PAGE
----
BioLogos, a Christian organization, interviews Bill Nye about evolution and Ken Ham. And Iceland is building a temple to Thor and the gang!
BioLogos & Bill Nye
Kramer asked Nye if he’d change anything about his debate performance. Nye’s response was a bummer:
The debate was nominally about creationism as a “viable” explanation for what we observe around us. For my side, the debate went very well; I’m not sure what I would change, although I can imagine shortening my answers during the rebuttals, perhaps.
It seems that Nye still doesn’t get what went wrong. There are four things he should have changed:
- He should have said that Ken Ham’s flavor of creationism is a recent invention.
- He should have stressed that Ham’s creationism is arbitrary.
- He should have asked if any non-Christians believe in a young earth.
- And he should have talked even more about how Christianity and evolution aren’t mutually exclusive.
For detailed arguments about each of these points, click here.
“Iceland to build first temple to Norse Gods in 1,000 years”
Religion News Service has the details:
Worship of the gods in Scandinavia gave way to Christianity around 1,000 years ago but a modern version of Norse paganism has been gaining popularity in Iceland.
“I don’t believe anyone believes in a one-eyed man who is riding about on a horse with eight feet,” said Hilmar Orn Hilmarsson, high priest of ‘Asatruarfelagid’, an association that promotes faith in the Norse gods.
“We see the stories as poetic metaphors and a manifestation of the forces of nature and human psychology.”
Wow, I guess the marketing for Thor and the new Avengers movie is getting pretty creative.
“Thou Shalt Not Question Stephen Fry”
Last week, I posted a clip of atheist Stephen Fry describing what he’d say to God. Among other criticisms, Fry lambasted God’s morals and called God “utterly monstrous.”
In an interesting Threads article, Andy Walton highlights the irony of Fry’s morality-based critique.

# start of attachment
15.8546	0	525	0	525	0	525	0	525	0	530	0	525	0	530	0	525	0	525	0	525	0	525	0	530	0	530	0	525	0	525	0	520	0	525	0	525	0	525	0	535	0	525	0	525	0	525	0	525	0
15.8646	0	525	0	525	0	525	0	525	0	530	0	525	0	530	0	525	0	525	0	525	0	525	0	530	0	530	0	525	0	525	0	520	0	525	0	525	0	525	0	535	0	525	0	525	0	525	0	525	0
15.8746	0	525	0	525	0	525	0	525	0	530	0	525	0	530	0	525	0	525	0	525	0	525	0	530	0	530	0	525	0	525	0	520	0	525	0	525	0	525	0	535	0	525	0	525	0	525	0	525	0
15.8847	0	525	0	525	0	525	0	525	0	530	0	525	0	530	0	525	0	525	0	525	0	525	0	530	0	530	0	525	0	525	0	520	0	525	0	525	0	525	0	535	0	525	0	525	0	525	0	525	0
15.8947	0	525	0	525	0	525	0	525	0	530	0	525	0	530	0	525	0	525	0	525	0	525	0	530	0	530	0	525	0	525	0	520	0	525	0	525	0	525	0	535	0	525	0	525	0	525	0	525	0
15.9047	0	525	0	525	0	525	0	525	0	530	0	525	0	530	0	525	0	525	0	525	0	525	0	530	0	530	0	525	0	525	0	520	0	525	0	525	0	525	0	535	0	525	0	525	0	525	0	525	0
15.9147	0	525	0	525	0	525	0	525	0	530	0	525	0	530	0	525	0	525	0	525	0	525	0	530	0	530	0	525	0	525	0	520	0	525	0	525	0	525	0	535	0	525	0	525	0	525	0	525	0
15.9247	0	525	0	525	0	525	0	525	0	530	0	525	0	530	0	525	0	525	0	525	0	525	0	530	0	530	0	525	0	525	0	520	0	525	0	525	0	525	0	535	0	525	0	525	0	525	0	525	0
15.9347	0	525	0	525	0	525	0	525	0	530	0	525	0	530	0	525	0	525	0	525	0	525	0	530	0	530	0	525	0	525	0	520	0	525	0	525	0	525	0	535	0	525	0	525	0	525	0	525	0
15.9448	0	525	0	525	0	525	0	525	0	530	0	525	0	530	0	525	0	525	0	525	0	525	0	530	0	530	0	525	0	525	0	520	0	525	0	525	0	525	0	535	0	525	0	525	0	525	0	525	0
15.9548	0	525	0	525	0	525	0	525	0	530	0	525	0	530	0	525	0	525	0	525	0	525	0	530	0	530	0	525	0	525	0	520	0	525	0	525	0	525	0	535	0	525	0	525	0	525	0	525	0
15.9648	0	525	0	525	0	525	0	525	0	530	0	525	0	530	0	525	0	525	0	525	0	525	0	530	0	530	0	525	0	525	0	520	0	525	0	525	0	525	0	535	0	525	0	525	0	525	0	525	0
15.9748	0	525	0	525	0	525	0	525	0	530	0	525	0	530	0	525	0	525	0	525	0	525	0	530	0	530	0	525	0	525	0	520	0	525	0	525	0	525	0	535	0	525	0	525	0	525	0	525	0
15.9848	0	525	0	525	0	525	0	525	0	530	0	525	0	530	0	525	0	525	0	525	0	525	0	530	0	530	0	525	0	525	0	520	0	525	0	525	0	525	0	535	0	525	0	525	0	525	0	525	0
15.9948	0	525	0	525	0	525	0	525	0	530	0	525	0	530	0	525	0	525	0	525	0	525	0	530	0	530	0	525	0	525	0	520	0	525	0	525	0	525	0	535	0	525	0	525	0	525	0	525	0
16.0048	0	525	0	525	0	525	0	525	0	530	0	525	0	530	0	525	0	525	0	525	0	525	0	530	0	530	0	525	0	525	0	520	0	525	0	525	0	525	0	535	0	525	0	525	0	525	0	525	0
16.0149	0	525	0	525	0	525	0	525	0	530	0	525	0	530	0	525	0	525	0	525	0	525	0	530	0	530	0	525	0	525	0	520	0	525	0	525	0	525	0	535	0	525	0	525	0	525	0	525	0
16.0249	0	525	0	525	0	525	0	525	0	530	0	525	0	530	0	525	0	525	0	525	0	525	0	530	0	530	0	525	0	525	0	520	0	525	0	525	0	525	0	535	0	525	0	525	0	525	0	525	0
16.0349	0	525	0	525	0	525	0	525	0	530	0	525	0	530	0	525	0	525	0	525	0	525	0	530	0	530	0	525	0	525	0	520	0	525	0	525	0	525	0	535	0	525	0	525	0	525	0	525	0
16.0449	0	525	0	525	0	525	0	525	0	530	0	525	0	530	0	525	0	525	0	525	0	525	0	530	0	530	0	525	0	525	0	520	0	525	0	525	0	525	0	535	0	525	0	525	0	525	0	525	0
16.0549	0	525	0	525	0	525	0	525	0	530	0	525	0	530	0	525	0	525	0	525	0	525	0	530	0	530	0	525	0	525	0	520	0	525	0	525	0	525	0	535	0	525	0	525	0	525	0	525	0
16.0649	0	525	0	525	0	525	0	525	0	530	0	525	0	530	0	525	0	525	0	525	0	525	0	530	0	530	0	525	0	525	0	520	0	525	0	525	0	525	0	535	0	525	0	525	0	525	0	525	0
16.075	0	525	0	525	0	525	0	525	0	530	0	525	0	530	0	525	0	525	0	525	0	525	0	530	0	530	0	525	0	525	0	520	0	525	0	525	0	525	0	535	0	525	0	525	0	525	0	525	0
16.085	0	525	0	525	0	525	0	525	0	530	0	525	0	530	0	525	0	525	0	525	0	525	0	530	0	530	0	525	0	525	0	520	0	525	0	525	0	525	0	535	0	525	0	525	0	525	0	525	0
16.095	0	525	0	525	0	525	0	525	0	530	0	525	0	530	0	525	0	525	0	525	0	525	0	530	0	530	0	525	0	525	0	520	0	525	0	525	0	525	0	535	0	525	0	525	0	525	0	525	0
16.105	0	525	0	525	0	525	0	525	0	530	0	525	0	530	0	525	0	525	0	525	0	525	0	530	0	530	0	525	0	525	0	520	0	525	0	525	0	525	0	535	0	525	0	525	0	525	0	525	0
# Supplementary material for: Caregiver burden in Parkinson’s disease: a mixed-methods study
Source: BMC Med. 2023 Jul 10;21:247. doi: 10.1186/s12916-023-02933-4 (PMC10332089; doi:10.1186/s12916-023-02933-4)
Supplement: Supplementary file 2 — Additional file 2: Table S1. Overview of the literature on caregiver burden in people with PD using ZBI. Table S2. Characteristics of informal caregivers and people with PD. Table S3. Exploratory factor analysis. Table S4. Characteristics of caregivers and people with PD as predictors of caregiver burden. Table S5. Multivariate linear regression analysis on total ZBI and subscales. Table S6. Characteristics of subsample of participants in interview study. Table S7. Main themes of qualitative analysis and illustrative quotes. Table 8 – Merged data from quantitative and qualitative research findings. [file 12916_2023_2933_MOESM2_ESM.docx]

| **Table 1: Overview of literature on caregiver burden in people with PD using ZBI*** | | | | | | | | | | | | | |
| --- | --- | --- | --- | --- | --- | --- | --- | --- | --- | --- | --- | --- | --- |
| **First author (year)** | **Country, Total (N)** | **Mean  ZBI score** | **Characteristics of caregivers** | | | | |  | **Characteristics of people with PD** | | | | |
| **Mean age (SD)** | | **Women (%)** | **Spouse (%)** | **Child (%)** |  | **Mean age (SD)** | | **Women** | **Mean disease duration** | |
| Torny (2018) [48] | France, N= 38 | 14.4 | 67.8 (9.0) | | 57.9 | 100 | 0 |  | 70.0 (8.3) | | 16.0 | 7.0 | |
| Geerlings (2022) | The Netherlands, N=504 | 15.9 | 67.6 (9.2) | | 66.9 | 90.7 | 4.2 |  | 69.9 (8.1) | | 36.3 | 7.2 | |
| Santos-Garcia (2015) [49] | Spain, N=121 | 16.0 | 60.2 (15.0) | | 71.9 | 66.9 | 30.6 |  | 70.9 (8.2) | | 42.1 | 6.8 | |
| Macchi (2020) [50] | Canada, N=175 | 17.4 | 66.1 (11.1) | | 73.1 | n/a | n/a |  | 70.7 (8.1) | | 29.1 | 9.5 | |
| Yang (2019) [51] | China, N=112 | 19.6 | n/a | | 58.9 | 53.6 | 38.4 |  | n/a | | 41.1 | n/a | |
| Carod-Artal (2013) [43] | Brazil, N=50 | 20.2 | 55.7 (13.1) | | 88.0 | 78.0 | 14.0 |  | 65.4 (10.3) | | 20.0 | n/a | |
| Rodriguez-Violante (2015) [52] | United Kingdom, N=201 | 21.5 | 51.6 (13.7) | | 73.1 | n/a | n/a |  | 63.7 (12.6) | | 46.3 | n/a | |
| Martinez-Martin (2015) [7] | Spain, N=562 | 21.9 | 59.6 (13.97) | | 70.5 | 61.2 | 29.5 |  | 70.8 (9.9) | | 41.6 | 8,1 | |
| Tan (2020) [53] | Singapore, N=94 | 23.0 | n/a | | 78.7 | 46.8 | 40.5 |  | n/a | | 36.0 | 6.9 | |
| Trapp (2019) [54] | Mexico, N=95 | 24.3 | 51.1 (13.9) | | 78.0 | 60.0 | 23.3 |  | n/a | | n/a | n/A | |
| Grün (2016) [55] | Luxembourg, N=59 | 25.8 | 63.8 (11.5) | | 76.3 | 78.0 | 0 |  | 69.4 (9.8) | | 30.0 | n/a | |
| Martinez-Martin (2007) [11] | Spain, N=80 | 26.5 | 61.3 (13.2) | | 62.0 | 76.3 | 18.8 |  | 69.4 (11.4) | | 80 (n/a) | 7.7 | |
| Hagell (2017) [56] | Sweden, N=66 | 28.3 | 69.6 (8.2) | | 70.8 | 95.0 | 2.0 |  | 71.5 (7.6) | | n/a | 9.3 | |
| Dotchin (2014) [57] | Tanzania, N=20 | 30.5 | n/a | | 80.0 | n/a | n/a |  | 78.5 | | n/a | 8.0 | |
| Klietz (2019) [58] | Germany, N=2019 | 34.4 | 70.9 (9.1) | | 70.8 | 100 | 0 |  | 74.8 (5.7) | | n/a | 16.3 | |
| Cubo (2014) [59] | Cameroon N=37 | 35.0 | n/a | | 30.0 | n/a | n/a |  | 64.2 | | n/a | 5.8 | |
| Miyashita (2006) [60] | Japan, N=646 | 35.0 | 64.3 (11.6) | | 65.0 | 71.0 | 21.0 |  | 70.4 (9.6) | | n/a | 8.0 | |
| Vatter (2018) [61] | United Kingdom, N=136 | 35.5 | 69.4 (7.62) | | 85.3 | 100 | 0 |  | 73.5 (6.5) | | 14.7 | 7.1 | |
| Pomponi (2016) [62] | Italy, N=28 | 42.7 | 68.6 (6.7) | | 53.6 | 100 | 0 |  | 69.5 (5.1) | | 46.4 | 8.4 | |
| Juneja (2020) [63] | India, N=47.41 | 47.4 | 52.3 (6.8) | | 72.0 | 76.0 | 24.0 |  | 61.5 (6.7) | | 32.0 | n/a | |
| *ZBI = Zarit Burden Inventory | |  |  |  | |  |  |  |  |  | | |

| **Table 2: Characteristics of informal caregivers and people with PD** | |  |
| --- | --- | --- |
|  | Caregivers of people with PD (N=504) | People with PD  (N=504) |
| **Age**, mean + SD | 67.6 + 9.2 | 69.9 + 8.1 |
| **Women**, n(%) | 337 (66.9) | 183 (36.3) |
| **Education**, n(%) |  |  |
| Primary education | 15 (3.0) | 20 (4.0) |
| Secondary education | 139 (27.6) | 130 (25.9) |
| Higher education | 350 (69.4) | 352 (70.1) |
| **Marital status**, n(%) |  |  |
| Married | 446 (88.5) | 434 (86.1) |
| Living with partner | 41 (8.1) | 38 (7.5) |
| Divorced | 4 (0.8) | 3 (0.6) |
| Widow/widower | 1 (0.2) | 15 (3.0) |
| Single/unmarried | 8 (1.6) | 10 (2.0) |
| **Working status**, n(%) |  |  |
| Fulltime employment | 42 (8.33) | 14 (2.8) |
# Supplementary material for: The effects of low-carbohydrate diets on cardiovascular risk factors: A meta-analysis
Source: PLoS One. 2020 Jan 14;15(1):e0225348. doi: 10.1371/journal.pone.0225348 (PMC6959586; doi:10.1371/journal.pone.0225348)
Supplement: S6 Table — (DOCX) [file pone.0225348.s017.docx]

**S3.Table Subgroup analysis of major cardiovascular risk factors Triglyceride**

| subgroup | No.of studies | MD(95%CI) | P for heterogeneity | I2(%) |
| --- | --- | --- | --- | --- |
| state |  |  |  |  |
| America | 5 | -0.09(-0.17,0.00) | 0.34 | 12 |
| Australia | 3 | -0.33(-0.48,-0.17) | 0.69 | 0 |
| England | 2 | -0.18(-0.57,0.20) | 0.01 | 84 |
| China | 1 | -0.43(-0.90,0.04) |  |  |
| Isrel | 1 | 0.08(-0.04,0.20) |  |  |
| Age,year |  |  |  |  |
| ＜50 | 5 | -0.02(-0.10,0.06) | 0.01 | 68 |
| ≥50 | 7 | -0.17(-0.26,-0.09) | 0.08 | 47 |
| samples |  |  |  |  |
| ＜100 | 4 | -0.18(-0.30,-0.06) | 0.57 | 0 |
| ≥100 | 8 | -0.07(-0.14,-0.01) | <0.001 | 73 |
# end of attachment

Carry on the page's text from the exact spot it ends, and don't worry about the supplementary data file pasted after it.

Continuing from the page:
Fry tells us morality is “not something that comes from outside of human beings.” Well Stephen, that’s fine. But if that’s the case, on what basis did you describe the actions of God as “evil” this week? If you don’t believe in an independent source of morality, that’s ok, and philosophically consistent. But don’t then appeal to concepts like ‘good’ and ‘evil’ to describe things you approve or disapprove of! That’s having your cake and eating it.
I also touched on this point in last week’s comment section.
“Why Did God Allow Evil?”
Speaking of God and evil, check out a new post from ReKnew, theologian Greg Boyd‘s blog. Read how it ends:
If God desires a bride made up of people who genuinely love him (see Jn 17)—who do not just act lovingly toward him—he must create people who have the capacity to reject him. He must endow agents with self-determination. They, not he, must determine whether or not they will love him and each other. And this, I submit, explains why God created a world in which evil was possible. If love is the goal, it could not be otherwise. God chose to create a world in which evil is possible only in the sense that he chose to create a world in which love is possible. The possibility of evil is not a second decision God makes; it is implied in the single decision to have a world in which love is possible. It is, in effect, the metaphysical price God must pay if he wants to arrive at a bride who says yes to his triune love.
What do you think of Boyd’s words?